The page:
A second embodiment of the invention is shown in FIG. 5. The security block 500 of FIG. 5 comprises a primary portion 510 and a locking cover 515, and employs at least one locking screw 540, and preferably more, as the locking mechanism instead of requiring the use of padlock 240. Locking screws 540 may be of any of a variety of commercially available screws having a head modified for easy insertion and difficult or impossible extraction. One such locking screw is a one way screw manufactured by Tamperproof Screw Co. Inc., Hicksville, N.Y. In this manner, the two portions 510, 515 of the security block are engaged to form a complete enclosure and are locked together with a device that is not reasonable removable by the average user. If desired, the locking screw chosen can be of a type that is removable by an authorized individual in possession of a special tool designed for that purpose. One such a removable security screw is the Keyed-Lok® screw manufactured by Bryce Fastener Mfg. Inc., Gilbert, Ariz. In this case, the security screw or screws can be removed, and the cables changed, reasonably quickly, when required.

What has been described is a two-portion lockable security block that allows use of certain ones of a plurality of USB ports while blocking access to others. An advantage of the subject invention is that when security block 100 is affixed to electronic instrument 120 with screw 125, it is removable. Because it is removable, it can be taken off of electronic instrument 120, for use on another instrument in the event that electronic instrument 120 is moved to a area having lesser, or no, security requirements. A further advantage provided by security block 100, is that devices using the permitted USB connectors may be easily changed in the event that they become defective. To understand why this is particularly advantageous, consider the following. One could imagine a security system in which the keyboard and mouse were “hardwired in”, only to find at a later date, that a key has ceased to work properly. Such a situation would cause lost time, and extra expense, both of which are avoided by use of the subject invention.

One skilled in the art will recognize that the subject invention can be applied to I/O ports other than a USB I/O port on a variety of electrical instruments, as needed for security purposes. Moreover, one skilled in the art will recognize that the subject invention may use a different form of lock than that used in the described embodiment. The term “enclose” as used with respect to the primary housing in the following claims means to “wall” and is not intended to mean “surround” (i.e., not closed by all sides). The I/O ports are surrounded when the two security block portions 110, 115 are engaged.

One skilled in the art will also realize that cover portion 115 can be adapted to be mounted to the wall of instrument 120 instead of primary portion 110. Thus, the “three-sided” portion will be removable and the “single-sided” portion will be fixed. Moreover, one skilled in the art will note that primary portion 110 and cover portion 115 may be formed such that each form two sides the square that is completed upon assembly. The only requirement on this point is that at least one side of security block 100 be fixed to the wall of instrument 120. These and other modifications are intended to be covered by the following claims.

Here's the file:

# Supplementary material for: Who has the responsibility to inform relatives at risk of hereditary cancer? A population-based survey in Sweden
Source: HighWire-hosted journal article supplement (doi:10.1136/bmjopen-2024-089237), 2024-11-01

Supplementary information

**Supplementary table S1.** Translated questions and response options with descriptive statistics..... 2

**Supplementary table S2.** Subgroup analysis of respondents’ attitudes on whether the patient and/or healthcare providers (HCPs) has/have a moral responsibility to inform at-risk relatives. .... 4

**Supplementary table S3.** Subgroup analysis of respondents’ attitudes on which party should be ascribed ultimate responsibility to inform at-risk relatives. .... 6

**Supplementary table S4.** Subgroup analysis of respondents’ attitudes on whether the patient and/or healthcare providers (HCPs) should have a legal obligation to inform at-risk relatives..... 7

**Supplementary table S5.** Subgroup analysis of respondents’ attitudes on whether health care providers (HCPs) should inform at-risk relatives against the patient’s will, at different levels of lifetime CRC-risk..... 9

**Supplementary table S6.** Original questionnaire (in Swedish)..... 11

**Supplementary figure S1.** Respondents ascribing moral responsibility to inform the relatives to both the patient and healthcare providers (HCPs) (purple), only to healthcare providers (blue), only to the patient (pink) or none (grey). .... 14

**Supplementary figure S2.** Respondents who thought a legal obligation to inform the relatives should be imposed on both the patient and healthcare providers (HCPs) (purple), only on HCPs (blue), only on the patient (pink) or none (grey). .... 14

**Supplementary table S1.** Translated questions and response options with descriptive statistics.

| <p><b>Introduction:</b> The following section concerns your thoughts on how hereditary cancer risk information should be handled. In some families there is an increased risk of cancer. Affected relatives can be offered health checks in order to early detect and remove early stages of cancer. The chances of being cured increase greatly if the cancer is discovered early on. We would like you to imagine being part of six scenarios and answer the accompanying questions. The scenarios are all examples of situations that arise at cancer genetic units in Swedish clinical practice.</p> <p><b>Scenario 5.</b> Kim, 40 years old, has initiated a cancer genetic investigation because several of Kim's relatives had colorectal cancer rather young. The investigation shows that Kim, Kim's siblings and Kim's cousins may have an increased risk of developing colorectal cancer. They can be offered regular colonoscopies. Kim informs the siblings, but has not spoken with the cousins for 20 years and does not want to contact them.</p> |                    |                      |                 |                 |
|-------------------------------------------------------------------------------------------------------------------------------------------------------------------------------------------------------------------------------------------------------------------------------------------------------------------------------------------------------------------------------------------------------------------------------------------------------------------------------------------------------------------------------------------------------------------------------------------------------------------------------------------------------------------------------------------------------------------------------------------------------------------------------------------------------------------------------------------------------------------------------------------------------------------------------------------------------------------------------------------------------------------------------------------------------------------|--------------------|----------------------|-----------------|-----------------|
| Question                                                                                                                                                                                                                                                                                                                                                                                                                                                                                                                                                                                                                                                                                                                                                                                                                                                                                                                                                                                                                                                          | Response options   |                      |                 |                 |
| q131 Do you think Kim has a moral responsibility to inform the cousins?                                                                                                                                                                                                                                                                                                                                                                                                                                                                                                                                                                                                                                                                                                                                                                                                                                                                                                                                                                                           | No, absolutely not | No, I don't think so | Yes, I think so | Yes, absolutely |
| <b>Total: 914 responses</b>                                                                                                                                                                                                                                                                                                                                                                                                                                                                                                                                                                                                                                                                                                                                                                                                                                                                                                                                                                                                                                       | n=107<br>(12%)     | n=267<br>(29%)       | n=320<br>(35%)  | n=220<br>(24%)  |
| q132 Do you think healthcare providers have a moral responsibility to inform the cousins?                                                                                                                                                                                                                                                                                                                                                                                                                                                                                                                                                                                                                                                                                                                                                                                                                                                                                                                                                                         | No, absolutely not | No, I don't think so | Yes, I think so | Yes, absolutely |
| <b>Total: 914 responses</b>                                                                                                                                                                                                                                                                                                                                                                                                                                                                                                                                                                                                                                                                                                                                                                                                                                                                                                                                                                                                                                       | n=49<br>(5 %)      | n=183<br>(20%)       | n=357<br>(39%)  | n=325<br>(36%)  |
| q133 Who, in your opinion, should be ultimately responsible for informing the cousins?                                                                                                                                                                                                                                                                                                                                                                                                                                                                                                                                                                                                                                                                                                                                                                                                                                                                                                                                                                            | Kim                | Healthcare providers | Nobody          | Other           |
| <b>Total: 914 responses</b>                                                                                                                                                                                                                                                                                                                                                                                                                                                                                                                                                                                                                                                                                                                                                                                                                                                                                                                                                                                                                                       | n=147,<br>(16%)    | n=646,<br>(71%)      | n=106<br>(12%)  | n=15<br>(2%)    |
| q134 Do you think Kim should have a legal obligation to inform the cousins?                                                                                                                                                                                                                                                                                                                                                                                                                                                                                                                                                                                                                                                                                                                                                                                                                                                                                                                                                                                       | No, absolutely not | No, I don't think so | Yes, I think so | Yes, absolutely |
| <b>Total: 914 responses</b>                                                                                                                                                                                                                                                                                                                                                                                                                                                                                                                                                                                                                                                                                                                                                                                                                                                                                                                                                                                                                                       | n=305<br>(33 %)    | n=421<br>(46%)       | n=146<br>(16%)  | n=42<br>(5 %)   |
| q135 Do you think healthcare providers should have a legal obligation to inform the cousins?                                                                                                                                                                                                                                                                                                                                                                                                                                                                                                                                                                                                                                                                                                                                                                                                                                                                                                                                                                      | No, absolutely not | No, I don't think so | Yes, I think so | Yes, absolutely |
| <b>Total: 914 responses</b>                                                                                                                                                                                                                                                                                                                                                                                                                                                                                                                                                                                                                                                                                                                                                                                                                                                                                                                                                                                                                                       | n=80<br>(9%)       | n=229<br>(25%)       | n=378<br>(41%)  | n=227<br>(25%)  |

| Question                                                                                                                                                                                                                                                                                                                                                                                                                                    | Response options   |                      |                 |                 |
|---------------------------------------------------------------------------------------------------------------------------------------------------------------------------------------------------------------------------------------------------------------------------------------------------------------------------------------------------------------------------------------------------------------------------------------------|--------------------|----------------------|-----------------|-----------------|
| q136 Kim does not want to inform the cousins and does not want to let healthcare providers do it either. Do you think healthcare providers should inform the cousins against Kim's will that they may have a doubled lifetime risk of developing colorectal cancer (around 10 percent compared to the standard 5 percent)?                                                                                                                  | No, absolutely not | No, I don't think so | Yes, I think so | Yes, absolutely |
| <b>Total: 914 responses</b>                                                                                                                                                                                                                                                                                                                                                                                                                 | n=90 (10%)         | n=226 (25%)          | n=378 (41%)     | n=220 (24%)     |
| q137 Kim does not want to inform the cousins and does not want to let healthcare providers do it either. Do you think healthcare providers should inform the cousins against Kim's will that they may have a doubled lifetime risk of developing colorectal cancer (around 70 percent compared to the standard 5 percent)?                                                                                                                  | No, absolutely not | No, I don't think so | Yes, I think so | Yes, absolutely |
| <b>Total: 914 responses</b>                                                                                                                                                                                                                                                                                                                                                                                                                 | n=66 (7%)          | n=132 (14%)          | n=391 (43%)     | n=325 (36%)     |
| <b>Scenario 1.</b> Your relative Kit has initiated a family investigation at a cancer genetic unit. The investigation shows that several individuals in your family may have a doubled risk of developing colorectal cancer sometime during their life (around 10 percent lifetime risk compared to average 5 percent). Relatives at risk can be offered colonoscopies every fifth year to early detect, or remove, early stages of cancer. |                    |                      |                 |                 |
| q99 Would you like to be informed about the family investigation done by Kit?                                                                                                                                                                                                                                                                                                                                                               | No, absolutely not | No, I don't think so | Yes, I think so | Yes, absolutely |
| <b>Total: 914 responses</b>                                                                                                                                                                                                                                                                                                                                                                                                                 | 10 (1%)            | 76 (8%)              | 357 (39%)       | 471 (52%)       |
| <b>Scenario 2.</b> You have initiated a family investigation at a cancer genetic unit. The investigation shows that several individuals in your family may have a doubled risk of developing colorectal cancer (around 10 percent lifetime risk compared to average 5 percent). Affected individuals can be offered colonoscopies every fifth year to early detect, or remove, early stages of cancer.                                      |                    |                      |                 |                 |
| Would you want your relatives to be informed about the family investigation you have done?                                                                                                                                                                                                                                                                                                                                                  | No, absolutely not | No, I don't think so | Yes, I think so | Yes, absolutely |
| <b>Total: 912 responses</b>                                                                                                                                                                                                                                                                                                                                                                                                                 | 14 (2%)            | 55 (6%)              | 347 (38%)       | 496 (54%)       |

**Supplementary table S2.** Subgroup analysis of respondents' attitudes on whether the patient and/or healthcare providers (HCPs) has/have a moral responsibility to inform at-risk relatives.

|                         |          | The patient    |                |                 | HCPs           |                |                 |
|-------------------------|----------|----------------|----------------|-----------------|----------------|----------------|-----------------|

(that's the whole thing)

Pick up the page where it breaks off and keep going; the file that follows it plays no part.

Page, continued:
Claims

1. A securing mechanism for limiting access to at least a first I/O port of an electronic instrument, comprising:

a primary housing mounted on said electronic instrument adjacent to said I/O port, said primary housing enclosing said I/O port on three sides and being open on a fourth side;
said primary housing having a cover including an aperture for receiving a an I/O connector to be connected to said I/O port;
a secondary housing mechanically coupling with said primary housing in an engaged position to enclose the open fourth side;
said secondary housing having a cover cooperating with said cover of said primary housing to reduce said aperture to a size smaller than said I/O connector, said reduced size of said aperture allowing passage of a cable of said I/O connector through said coupled primary and secondary housings when said I/O connector is connected to one of said I/O ports when said secondary housing is in said engaged position;
said primary housing and said secondary housing cooperating when said secondary housing is in said engaged position to prevent removal of said I/O connector from said I/O port; and
a locking mechanism for locking said secondary housing in said engaged position.

2. The securing mechanism of claim 1, wherein said secondary housing slides within said primary housing.

3. The securing mechanism of claim 2, wherein

a portion of said primary housing has a second aperture, a portion of said secondary housing has a third aperture; and said second and third apertures are axially aligned when said secondary housing is in said engaged position;
said second and third apertures receiving a portion of said locking mechanism when said secondary housing is in said engaged position.

4. The securing mechanism of claim 3, wherein

said locking mechanism is a padlock.

5. The securing mechanism of claim 3, wherein

said locking mechanism is a locking screw.

6. A securing mechanism for limiting access to a plurality of I/O ports of an electronic instrument, comprising: